Designing Economic Cultures is a three year long research project that Brave New Alps have been carrying on since January 2011 investigating the relationship between socio-economic precarity and the production of socially and politically engaged design projects.
The main question they are trying to answer is: how can designers, who through their work want to question and challenge the prevalent economic system with its organisational forms and problematic consequences, gain a satisfying degree of social and economic security without having to submit themselves to the commercial pressures of the market?
I was one of the persons involved for the interviews and here’s the result.
This conversation was held in Zoe’s kitchen in Milan in February 2012.
Bianca Elzenbaumer: Considering all the creative activist groups you have initiated and been part of, we are wondering what path brought you to be so thoroughly engaged with precarity. Could you trace your path for us?
Zoe Romano: At the beginning I was studying philosophy, because at the age of nineteen, I did not know what I wanted to do in life. I only knew that I wanted to work little and earn the most money out of this little work. I used to work when I was in high school and had realised that working was pretty tough, sucking a lot of your energy. Therefore, my aim was to go to university in order to get a highly-paid job that would allow me to work just part-time. (laughs) That way I hoped to have time for developing my personal ideas and for all the other things I wanted to do in life. So I studied moral philosophy here in Milan, because my parents would not pay for my studies abroad, insisting that here I could get all I needed. And I accepted their position, knowing from all my older friends who were working and studying at the same time, that by needing to sustain myself away from home it would take me a very long time to finish university. So I concentrated on my studies, hoping to finish them in a reasonable time. Studying philosophy was good though, because it was teaching me how to think. It was like a psychological treatment for me. Discovering all those philosophers who were thinking about the meaning of mankind and asking these big questions, taught me that the important thing is to ask questions more than to find answers. For me, it was a good training to understand the situation we are living in and to find the right perspective to solve problems.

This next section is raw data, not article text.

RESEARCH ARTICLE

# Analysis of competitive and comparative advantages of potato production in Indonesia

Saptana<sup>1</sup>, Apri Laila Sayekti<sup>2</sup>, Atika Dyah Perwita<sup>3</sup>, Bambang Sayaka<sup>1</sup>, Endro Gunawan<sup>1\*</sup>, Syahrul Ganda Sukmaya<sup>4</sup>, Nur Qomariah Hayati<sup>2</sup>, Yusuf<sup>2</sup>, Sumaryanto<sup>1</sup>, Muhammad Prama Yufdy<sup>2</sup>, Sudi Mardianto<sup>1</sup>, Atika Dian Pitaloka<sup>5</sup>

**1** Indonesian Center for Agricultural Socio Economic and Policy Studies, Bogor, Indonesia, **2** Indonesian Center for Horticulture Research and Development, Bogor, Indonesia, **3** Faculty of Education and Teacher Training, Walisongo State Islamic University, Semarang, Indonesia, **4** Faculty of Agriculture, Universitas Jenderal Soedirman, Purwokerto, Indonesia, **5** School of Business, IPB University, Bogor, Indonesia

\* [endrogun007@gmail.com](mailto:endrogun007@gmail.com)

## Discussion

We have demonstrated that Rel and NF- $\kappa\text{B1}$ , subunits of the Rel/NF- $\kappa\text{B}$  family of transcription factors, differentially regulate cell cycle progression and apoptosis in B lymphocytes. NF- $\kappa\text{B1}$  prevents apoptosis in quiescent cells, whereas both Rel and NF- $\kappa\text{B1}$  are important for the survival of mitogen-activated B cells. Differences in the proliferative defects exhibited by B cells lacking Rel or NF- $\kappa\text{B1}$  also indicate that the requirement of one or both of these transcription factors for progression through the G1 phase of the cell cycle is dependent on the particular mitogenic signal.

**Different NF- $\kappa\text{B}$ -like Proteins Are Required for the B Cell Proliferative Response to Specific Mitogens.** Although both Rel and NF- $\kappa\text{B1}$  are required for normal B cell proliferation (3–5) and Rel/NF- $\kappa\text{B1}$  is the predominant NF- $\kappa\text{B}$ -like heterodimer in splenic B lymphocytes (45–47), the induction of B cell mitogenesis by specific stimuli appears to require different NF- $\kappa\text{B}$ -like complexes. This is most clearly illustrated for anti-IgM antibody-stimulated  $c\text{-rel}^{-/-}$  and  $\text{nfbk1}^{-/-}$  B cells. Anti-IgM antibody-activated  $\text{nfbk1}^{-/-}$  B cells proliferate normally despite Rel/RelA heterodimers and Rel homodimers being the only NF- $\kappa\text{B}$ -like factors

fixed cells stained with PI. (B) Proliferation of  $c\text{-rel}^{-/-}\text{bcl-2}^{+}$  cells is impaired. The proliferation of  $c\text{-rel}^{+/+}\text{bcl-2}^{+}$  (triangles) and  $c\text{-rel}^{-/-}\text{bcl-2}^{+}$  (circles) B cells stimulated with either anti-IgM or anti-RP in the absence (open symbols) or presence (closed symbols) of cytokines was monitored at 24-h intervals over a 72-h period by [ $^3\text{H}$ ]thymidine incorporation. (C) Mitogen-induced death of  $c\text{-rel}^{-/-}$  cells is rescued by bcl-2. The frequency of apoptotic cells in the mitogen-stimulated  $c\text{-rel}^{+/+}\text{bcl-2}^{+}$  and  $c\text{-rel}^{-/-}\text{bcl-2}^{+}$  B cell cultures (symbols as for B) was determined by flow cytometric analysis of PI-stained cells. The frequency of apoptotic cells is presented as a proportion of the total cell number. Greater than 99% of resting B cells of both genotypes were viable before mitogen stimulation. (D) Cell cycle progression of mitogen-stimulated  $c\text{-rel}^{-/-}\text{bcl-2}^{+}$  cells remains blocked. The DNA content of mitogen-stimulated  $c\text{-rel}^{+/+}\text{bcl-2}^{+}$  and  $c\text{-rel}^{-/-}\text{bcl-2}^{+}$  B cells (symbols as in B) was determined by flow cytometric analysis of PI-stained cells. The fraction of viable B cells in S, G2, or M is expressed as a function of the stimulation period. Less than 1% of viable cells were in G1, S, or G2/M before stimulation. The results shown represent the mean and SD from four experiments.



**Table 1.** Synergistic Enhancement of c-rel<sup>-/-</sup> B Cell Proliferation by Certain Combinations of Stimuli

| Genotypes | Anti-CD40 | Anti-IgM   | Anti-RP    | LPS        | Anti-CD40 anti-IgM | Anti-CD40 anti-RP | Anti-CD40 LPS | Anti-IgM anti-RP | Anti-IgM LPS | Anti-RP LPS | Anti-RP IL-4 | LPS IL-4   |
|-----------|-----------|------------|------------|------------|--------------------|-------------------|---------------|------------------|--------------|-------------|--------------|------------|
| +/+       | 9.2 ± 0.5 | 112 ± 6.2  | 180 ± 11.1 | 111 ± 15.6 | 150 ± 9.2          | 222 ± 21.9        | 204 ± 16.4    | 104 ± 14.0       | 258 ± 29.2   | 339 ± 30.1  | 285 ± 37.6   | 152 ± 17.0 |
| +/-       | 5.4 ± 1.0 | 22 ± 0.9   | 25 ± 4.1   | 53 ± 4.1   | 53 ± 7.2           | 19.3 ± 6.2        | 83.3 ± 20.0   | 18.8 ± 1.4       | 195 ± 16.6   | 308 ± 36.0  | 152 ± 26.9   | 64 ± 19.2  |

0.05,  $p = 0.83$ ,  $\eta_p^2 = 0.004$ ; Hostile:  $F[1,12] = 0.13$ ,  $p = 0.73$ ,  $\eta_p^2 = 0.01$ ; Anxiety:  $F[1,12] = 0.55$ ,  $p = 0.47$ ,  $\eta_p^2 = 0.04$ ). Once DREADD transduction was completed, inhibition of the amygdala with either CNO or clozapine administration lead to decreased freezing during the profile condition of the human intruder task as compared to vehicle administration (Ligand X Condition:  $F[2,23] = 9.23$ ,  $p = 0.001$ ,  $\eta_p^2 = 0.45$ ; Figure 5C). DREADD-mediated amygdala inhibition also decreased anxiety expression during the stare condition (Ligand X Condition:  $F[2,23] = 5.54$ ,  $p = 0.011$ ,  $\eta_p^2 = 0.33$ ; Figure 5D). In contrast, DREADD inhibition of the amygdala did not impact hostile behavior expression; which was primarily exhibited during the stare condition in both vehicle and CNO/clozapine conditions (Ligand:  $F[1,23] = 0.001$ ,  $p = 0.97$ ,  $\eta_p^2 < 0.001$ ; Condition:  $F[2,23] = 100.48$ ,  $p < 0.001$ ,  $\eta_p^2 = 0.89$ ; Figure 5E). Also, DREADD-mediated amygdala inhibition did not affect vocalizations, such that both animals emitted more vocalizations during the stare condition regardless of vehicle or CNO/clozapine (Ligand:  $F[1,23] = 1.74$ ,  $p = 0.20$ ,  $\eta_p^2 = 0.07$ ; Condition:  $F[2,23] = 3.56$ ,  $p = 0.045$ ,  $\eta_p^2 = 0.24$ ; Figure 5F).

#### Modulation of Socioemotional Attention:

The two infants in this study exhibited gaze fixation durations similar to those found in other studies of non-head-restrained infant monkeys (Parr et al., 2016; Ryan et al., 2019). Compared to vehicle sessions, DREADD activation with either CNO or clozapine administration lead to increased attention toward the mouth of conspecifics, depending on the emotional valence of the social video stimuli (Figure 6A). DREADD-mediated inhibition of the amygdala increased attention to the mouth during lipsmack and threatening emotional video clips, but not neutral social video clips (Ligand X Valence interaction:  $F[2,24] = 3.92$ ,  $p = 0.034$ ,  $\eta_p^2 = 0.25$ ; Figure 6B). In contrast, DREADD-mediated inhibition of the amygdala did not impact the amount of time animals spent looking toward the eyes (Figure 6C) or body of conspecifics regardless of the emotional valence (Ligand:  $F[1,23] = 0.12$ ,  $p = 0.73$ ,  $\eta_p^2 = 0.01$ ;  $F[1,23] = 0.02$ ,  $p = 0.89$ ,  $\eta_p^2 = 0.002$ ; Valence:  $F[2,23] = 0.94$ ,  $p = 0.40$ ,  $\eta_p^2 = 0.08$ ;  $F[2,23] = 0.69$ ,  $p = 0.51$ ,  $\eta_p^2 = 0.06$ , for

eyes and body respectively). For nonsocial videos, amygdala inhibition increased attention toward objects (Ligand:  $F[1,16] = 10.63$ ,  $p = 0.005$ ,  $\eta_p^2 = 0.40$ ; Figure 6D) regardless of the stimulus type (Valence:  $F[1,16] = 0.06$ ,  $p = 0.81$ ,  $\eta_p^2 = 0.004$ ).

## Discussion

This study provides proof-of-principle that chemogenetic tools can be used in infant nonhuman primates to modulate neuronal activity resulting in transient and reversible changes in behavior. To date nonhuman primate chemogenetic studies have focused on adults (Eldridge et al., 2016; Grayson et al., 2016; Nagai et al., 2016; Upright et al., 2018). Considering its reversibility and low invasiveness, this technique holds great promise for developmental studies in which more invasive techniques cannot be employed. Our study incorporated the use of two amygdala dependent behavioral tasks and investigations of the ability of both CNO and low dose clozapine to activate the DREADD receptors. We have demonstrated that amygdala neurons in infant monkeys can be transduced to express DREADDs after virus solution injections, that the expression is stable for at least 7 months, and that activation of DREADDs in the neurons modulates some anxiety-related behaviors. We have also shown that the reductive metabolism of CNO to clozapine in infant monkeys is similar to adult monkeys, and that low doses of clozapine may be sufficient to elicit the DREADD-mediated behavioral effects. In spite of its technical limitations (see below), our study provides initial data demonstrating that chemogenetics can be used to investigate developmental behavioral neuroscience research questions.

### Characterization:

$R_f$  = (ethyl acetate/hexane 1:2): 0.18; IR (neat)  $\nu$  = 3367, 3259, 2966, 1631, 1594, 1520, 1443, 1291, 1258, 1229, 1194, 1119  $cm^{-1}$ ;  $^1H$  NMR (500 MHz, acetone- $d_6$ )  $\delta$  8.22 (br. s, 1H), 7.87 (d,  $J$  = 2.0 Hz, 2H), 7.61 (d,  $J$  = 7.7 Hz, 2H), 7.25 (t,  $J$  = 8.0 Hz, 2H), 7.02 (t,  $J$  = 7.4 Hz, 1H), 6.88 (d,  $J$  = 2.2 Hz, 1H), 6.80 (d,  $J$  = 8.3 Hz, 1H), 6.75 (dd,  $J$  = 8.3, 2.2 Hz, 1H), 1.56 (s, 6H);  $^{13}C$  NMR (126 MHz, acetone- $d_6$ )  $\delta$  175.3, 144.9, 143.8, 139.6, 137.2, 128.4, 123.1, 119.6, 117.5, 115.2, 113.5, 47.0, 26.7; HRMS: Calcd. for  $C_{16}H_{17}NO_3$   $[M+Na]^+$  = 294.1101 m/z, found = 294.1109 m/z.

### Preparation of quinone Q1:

It has been almost three years since the publication of Produttori di Stile, the notebook reporting the results of a research financed by Provincia di Milano about working practices and flexibility in a number of fashion houses in Milan. At the time we witnessed the presentation during which authors and promoters, among the other things, underlined how 8 out of 10 contracts, in all the major business companies of such field/section/area, were atypical (cocopro, interns, fake VAT number recordings etc); this not as a response to production peaks, but as basic structural resource, as a far from being atypical strategy/procedure of human resources management.
Read the final paper on the Journal of Cultural Research
(EN) A research project chronicling all the brands, logos, identities and symbols – all 1,035 – that designer Tanner Woodford interacted with, each hour throughout one day.
(IT) Il progetto di ricerca del designer Tanner Woodford ci mostra tutti i brand, logo, simboli e identità – in tutto 1035 – con cui ha interagito in ogni ora di un giorno.